Letter - July 2005





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Fishing in Troubled Waters

Investing in the stock market today is truly like fishing in troubled waters. Buyers of stocks are beset daily with apocalyptic commentary concerning the many currents that course through our world,  political (Iraq, al Qaeda), economic (deficits, easy money) and speculative (real estate, hedge funds). The terrorist attack in the heart of London, while not surprising, nonetheless reminds us that we are in the midst of a protracted war.

Seldom has the traditional stock market investor experienced such competition for his investment dollars. Hedge funds promise returns regardless of whether the market goes up or down (Wanna buy the Brooklyn Bridge?) and some actually deliver. That business has gotten so big that over 50% of the volume on the New York Stock Exchange is driven by program trading, largely generated by hedge funds. Real estate offers speculators and others what appears to be low cost, no money down financing while the stock investor has to put up at least 50%. The stock market seems so out of the action. Yet, investing in stocks is a big part of what we do and we like to think that our clients are the better off for our efforts.

Reflecting the above currents, perhaps, the stock market has rallied and sold off repeatedly over the last six months during which the S&P 500 declined -0.8% (with dividends included) as of June 30. From one perspective perhaps this is not surprising.  We seem to be in a low return world. The market has adjusted to low interest rates, 4% for the 10-year treasury note, so double-digit gains by the broad stock market seem improbable. Nonetheless, we remain as fully invested as possible since the market seems to stall for long periods of time punctuated by brief but robust rallies. As we have said repeatedly in the past, success going forward will depend on successful stock picking and limiting losses. To limit risk, we continue to examine beat down issues for signs of long term value... fishing in troubled waters.

The economic scene has changed little since our last letter. Growth of the US gross domestic product (GDP) continues at between 3% and 4%, robust for a mature economy. Inflation remains low and interest rates continue to bounce along a multi-year bottom. One new development seems to be a nascent stirring of growth in Japan.  Japanese banks are largely back on a sound footing and real estate prices have begun to rise for the first time since the late 1980s. Importantly, growth is being driven by domestic demand rather than exports alone.  Should the expansion continue, it would be good news for the world economy, easing the US trade deficit and relieving some of the pressure on the US to be an engine of world growth.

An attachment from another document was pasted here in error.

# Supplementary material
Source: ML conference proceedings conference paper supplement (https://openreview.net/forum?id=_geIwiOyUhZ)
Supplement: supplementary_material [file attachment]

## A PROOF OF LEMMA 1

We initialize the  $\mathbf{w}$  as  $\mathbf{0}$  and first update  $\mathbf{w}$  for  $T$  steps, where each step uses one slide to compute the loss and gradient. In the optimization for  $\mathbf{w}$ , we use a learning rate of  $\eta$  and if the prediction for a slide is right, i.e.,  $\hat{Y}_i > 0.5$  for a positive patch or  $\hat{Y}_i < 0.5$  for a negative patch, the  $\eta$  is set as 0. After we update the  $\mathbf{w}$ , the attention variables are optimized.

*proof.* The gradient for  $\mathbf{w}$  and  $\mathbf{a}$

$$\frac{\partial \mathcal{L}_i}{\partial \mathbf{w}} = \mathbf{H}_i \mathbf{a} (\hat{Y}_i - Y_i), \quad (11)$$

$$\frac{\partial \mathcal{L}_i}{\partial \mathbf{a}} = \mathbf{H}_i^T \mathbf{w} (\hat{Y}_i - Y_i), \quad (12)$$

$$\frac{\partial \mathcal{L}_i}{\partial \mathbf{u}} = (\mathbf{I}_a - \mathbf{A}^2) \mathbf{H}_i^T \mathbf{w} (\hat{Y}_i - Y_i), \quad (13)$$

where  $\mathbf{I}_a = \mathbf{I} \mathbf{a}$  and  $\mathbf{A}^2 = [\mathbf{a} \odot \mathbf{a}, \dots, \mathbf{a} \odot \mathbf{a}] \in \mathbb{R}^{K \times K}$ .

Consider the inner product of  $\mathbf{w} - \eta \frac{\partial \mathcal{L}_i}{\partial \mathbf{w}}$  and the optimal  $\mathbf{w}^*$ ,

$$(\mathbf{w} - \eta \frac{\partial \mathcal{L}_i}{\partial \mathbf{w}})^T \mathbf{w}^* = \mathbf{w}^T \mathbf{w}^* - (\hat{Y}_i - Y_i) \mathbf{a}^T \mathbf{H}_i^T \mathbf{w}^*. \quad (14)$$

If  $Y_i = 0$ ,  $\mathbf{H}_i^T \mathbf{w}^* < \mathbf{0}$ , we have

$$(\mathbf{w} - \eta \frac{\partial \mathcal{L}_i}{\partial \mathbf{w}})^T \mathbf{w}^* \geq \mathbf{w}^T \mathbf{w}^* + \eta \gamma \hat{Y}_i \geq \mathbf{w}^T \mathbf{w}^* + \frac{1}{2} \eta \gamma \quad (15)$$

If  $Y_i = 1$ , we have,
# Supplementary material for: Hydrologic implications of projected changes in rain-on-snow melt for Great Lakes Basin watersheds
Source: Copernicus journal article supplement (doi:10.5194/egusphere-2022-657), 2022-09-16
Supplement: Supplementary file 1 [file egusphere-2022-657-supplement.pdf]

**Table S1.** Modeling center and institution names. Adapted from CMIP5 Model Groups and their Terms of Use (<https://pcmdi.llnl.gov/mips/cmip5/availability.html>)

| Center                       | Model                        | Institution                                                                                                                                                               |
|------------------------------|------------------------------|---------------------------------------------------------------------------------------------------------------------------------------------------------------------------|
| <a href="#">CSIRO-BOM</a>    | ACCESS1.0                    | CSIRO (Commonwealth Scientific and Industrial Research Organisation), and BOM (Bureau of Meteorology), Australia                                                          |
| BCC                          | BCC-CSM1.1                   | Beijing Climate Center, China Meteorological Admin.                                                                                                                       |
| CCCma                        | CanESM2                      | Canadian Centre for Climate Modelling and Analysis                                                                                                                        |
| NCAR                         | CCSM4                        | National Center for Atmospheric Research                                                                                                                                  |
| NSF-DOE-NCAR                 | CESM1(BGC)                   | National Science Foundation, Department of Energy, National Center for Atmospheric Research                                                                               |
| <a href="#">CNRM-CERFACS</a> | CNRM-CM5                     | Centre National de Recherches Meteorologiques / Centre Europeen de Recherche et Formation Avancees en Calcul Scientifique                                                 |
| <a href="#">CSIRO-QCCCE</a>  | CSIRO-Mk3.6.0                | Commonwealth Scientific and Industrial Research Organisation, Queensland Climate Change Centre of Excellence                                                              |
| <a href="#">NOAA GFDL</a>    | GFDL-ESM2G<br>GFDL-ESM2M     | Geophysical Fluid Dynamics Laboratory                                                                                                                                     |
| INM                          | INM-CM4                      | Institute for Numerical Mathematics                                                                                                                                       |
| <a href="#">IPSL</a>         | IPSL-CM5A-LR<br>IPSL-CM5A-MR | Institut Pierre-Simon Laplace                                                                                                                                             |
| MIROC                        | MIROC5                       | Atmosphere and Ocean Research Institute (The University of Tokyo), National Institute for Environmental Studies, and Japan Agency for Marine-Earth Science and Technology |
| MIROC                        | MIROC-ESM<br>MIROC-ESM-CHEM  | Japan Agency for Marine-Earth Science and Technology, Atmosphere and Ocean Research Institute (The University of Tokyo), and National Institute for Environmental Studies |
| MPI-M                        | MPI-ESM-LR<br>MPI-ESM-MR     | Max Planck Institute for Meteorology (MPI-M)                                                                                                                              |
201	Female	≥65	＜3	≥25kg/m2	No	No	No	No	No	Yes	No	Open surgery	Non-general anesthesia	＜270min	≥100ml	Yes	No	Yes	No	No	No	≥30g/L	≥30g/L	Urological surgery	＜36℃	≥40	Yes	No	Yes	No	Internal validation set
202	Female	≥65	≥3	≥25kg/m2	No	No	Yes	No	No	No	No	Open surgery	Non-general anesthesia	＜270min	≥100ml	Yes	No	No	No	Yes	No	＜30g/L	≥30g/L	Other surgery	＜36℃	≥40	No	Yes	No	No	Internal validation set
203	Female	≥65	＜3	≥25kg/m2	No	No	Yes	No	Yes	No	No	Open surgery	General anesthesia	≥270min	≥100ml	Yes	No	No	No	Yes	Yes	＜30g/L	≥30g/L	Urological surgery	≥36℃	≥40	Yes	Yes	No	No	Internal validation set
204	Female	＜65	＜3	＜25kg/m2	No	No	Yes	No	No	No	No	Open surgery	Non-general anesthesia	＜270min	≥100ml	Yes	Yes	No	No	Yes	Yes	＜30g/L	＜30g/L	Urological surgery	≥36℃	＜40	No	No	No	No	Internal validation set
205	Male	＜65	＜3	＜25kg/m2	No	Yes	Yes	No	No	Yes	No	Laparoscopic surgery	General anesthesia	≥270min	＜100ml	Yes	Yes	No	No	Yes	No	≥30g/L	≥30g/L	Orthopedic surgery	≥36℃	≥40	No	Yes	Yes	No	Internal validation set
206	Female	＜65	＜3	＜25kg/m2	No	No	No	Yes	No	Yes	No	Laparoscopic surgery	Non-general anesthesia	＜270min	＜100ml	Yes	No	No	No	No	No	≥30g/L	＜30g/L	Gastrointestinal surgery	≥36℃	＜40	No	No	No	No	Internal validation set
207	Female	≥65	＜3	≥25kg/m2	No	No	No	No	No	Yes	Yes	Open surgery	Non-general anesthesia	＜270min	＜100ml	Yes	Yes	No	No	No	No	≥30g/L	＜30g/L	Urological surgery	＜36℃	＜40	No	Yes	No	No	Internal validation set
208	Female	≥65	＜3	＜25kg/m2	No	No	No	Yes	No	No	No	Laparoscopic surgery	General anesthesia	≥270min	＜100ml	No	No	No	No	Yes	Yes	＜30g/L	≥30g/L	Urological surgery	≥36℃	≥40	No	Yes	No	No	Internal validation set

Clients may note that sell confirmations are starting to pile up for long-held stocks that have had outstanding performance over the years. Real estate related stocks such as Forest City Enterprises, Centex, Fidelity National Financial and PICO continue to make new highs. Like the technology stocks during the bubble, they may go higher but we question whether the economic fundamentals support such lofty, underlying real estate values. Similarly, we watch oil stocks with a skeptical eye. Though the stocks seem reasonably priced on earnings, those earnings are inflated by what may turn out to be an unsustainably high price of the underlying commodity, oil. Our hat is on and our eye wanders toward the exitů but we are moving cautiously. We are mindful of the gold (read: commodity) boom of 25 years ago. Then, gold stocks did not hit their highs until the year after gold topped out at $800/oz. The average annual price of gold received by the mines continued to climb after the peak, driving up earnings and share prices.

Taking profits is fine. However, we are then presented with the challenge of redeploying the investment funds effectively. Unfortunately, we do not now see any sectors that could replicate the performance over the past five years of oil and real estate stocks. Going forward, investors should expect more modest returns and a shorter holding period.

A recent purchase of selected steel stocks holds the promise of competitive returns though we doubt that they will be multi-year holdings. The stocks are currently down 40% or more from their peaks and trading at about 7 times earnings. After struggling through years of bankruptcy proceedings, the steel industry consolidated and cut capacity, then enjoyed a boost from increasing demand from China and an improving domestic economy. By early 2005, however, demand began to cool, prices weakened and inventories began to rise as China brought on domestic capacity. Steel stocks took a tumble as investors anticipated another typical boom/bust cycle. However, the situation may not as bad as it appears. Unlike previous cycles, a smaller domestic industry with a better balance sheet has curtailed production to support pricing. Contrary to fears of some, China has indicated that it does not intend to become a net exporter of steel. More fundamentally, long term underinvestment in infrastructure worldwide has made it difficult to get raw materials to the mills and finished product out to customers. Transportation bottlenecks suggest that few new steel plants will be built as growth through capacity expansion is unrealistic. Restraints on capacity and continued demand due to economic growth could trim excess inventories, firm up product pricing and lead to a rebound in share prices.

By the time clients receive this letter, we will have completed our move to Pershing, LLC, our new clearing firm. We look forward to a long and productive association with them. We apologize for any inconvenience the move may have caused. Do not hesitate to call us if you have any questions.


Tom Herzig


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